Women: All Sitting and No Exercise Leads to Aging Faster

Women: All Sitting and No Exercise Leads to Aging Faster

Scientists recently reported that older women sitting for at least 10 hours a day and who have little physical activity have cells that are older by eight years in comparison to women who are less sedentary.

The study, which can be found in January’s issue of the American Journal of Epidemiology, concluded that elderly women who exercised less than 40 minutes a day (and were also sedentary for 10 or more hours) have shorter telomeres.  Telomeres are tiny regions of what are called nucleotides and they are at the end of each chromosome. If your eyes just started to glaze over and you aren’t a science person, like most of us, you are not alone. In everyday language, telomeres function like a cap that protects the chromosome from deterioration.

What you need to know is that telomeres naturally shorten and get frazzled as a cell gets older but there are factors that can increase the speed of that process, causing your cells to be older than your body. Some factors that are attributed to causing telomeres to shorten at an increased rate include diabetes, major cancers and cardiovascular disease. A sedentary lifestyle is also associated with many of these conditions, as well.

Aladdin Shadyab, PhD who co-authored the published study at the UC San Diego School of Medicine says “Our study found cells age faster with a sedentary lifestyle. Chronological age doesn’t always match biological age.”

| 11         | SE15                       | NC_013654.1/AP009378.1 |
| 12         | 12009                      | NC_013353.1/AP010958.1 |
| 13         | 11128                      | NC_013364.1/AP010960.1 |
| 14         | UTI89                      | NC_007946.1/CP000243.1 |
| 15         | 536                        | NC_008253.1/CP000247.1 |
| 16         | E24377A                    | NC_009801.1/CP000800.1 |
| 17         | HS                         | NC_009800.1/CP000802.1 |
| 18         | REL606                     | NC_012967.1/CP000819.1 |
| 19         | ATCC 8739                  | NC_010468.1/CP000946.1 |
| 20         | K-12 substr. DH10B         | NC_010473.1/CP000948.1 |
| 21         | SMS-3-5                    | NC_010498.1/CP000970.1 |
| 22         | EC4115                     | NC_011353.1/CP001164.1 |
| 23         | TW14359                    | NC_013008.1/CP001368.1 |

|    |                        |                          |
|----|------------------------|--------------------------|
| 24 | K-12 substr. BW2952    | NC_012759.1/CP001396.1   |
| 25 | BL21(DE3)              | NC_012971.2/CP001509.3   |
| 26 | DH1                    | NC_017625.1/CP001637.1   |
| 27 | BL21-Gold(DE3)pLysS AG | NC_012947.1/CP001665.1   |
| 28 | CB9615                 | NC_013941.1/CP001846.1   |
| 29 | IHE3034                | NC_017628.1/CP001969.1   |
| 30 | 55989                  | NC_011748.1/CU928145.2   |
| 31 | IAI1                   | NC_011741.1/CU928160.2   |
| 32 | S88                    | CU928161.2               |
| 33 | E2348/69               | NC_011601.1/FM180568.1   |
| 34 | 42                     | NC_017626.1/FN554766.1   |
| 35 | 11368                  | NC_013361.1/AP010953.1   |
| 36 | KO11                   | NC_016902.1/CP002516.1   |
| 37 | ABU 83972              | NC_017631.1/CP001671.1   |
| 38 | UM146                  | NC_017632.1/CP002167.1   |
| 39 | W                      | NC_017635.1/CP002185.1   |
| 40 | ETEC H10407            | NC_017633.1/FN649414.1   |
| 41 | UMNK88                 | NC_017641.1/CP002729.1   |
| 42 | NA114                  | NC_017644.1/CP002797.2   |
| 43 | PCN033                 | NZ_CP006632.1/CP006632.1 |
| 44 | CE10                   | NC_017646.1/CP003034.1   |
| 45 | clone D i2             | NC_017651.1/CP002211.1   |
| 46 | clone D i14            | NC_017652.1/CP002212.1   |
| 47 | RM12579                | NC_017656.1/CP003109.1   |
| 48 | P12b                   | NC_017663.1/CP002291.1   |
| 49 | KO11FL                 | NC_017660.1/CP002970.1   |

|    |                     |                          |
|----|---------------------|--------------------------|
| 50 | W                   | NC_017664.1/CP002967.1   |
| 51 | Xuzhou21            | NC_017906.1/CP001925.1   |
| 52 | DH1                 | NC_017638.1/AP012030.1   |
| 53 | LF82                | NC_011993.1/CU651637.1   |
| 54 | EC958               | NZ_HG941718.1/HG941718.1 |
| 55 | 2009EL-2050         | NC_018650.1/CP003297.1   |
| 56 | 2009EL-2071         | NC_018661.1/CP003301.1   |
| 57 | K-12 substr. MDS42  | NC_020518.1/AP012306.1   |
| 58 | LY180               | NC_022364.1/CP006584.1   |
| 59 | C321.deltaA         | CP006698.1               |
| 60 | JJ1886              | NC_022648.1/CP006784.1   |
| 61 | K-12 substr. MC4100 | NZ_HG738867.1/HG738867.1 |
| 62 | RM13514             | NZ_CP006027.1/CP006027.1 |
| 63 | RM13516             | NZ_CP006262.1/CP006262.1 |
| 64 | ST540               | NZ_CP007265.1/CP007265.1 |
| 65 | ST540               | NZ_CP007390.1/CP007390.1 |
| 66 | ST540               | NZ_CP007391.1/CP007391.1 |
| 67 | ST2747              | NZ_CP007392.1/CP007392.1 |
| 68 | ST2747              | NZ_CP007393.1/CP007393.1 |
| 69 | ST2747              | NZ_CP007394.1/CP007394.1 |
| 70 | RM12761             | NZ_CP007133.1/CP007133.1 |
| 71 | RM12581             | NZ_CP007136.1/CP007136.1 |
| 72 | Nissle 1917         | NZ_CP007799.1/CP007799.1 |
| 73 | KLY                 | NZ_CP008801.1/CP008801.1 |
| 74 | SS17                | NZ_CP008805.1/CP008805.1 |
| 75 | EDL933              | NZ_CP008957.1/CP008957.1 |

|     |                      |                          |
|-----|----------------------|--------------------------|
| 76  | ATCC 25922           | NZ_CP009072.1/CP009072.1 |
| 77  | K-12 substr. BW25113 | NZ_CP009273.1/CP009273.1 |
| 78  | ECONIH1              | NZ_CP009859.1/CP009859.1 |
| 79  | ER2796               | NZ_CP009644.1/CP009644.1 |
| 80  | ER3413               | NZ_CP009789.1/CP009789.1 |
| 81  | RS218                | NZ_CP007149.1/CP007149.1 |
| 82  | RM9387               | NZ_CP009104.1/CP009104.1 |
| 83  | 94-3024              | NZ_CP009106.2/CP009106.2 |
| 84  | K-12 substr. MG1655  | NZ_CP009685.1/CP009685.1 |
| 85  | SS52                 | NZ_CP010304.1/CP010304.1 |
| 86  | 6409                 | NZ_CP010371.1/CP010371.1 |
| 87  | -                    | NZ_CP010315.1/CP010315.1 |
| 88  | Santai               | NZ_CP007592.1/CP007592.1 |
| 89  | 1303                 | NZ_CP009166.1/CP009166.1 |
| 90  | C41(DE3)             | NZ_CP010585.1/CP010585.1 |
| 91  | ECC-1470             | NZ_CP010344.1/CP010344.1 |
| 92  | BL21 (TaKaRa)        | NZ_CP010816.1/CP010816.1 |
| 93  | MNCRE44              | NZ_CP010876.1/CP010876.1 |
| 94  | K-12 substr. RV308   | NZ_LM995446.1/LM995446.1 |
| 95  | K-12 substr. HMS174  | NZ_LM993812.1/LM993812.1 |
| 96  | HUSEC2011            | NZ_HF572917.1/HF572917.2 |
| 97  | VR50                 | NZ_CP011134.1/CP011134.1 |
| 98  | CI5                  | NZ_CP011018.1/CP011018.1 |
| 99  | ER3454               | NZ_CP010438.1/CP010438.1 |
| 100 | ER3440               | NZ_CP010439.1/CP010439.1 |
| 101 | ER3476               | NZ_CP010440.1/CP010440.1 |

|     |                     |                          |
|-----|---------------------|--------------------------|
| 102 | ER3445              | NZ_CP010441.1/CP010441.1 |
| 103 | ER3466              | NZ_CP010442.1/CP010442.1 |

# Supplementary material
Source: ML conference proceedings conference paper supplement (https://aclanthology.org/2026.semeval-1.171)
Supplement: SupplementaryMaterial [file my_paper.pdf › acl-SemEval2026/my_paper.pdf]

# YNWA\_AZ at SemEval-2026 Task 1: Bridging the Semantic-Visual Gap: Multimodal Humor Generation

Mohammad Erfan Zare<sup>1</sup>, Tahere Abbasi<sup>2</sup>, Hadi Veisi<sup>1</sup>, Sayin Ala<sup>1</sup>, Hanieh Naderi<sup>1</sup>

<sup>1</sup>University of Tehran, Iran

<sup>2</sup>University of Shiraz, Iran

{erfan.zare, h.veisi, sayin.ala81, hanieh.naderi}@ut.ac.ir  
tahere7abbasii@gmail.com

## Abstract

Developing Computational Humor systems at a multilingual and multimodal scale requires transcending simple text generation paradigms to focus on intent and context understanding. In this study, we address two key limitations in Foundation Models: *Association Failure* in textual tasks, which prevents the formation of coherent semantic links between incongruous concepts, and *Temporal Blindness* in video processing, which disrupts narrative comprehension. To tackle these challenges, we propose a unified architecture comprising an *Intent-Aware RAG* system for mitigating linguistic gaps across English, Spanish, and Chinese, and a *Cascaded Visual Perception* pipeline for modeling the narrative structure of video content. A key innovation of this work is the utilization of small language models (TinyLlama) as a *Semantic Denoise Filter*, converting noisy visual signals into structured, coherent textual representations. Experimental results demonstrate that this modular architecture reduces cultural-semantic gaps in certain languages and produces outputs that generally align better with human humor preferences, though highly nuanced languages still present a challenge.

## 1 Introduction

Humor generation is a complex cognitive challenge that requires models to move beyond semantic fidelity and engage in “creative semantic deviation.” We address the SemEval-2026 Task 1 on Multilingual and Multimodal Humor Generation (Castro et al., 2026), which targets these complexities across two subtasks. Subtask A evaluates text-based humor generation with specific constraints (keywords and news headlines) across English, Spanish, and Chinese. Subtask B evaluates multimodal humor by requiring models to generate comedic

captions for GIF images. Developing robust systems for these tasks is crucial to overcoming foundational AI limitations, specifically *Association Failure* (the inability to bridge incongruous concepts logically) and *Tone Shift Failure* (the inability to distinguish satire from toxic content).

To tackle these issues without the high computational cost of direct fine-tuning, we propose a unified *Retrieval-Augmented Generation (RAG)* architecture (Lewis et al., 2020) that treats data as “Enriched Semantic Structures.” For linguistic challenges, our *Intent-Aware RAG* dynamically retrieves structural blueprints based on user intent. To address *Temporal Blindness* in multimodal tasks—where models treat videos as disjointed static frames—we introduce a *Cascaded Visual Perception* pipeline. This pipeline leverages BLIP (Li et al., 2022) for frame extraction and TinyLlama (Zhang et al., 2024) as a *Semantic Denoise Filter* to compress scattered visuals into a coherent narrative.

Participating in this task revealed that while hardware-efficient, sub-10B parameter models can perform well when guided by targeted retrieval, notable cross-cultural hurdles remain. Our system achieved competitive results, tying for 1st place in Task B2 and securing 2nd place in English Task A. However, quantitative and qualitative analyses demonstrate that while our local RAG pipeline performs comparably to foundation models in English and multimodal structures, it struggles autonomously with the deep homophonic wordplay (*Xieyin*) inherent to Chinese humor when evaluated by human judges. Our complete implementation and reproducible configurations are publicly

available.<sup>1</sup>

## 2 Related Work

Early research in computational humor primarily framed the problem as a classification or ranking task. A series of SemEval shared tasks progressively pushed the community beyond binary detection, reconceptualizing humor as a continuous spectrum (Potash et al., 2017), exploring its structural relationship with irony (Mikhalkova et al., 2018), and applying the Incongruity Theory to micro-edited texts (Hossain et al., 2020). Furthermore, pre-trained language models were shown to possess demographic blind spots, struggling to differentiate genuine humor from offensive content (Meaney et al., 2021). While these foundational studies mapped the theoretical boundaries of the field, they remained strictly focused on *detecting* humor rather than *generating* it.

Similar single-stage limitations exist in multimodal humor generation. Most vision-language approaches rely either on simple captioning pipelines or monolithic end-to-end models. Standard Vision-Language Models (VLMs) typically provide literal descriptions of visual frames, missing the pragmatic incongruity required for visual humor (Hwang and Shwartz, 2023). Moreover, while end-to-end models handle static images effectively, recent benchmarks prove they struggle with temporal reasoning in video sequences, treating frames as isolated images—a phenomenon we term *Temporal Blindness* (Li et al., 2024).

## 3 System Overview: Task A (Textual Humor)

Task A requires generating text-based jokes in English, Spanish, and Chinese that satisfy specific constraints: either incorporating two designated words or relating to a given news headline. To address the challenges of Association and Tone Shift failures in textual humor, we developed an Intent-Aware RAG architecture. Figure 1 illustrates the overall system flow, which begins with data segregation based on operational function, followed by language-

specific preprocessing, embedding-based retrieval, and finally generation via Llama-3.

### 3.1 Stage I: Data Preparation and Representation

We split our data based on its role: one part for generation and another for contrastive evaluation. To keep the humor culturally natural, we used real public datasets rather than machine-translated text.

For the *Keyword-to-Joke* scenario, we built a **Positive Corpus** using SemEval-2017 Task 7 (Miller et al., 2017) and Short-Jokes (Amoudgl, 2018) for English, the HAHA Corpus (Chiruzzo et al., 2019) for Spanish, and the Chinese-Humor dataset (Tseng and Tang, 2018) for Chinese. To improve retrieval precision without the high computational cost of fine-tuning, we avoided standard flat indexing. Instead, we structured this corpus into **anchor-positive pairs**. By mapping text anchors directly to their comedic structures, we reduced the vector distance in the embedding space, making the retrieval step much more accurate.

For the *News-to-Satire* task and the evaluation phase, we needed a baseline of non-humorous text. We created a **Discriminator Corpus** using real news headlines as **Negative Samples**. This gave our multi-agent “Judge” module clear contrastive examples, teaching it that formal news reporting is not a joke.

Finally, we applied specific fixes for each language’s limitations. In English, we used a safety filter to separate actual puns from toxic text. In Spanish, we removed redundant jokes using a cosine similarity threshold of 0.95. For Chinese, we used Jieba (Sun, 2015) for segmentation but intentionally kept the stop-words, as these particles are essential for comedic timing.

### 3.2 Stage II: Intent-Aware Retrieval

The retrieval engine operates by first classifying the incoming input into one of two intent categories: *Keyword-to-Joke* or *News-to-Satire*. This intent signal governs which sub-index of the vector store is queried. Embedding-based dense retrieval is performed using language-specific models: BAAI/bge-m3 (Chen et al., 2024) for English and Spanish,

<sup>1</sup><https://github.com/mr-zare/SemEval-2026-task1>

The research team says the study is the first to neutrally measure how sedentary time combined with low or lack of exercise can influence aging in a cellular way.

The study monitored 1,500 women, ages 64 to 95. The women were surveyed and answered questions via a questionnaire. For seven days, they also wore an accelerometer on their right hip. They were asked to wear the accelerometer while awake and asleep.

One important note here is that exercise and movement seems to play a part in how fast our cells age.

“We found that women who sat longer did not have shorter telomere length if they exercised for at least 30 minutes a day, the national recommended guideline,” said Shadyab.

So, even though some of the women may have sat for many hours, it was found that if they exercised regularly, their telomeres were not shorter than the women who did not exercise.

In a way, we’ve just learned how we can prevent faster aging. This also drives home the point that we need to encourage ourselves and our children to keep exercise a routine part of their life, just as important as eating or drinking.

Hmmmm….. we think it’s time for a walk!

Written by Krissy Gillaspia for Walkingspree

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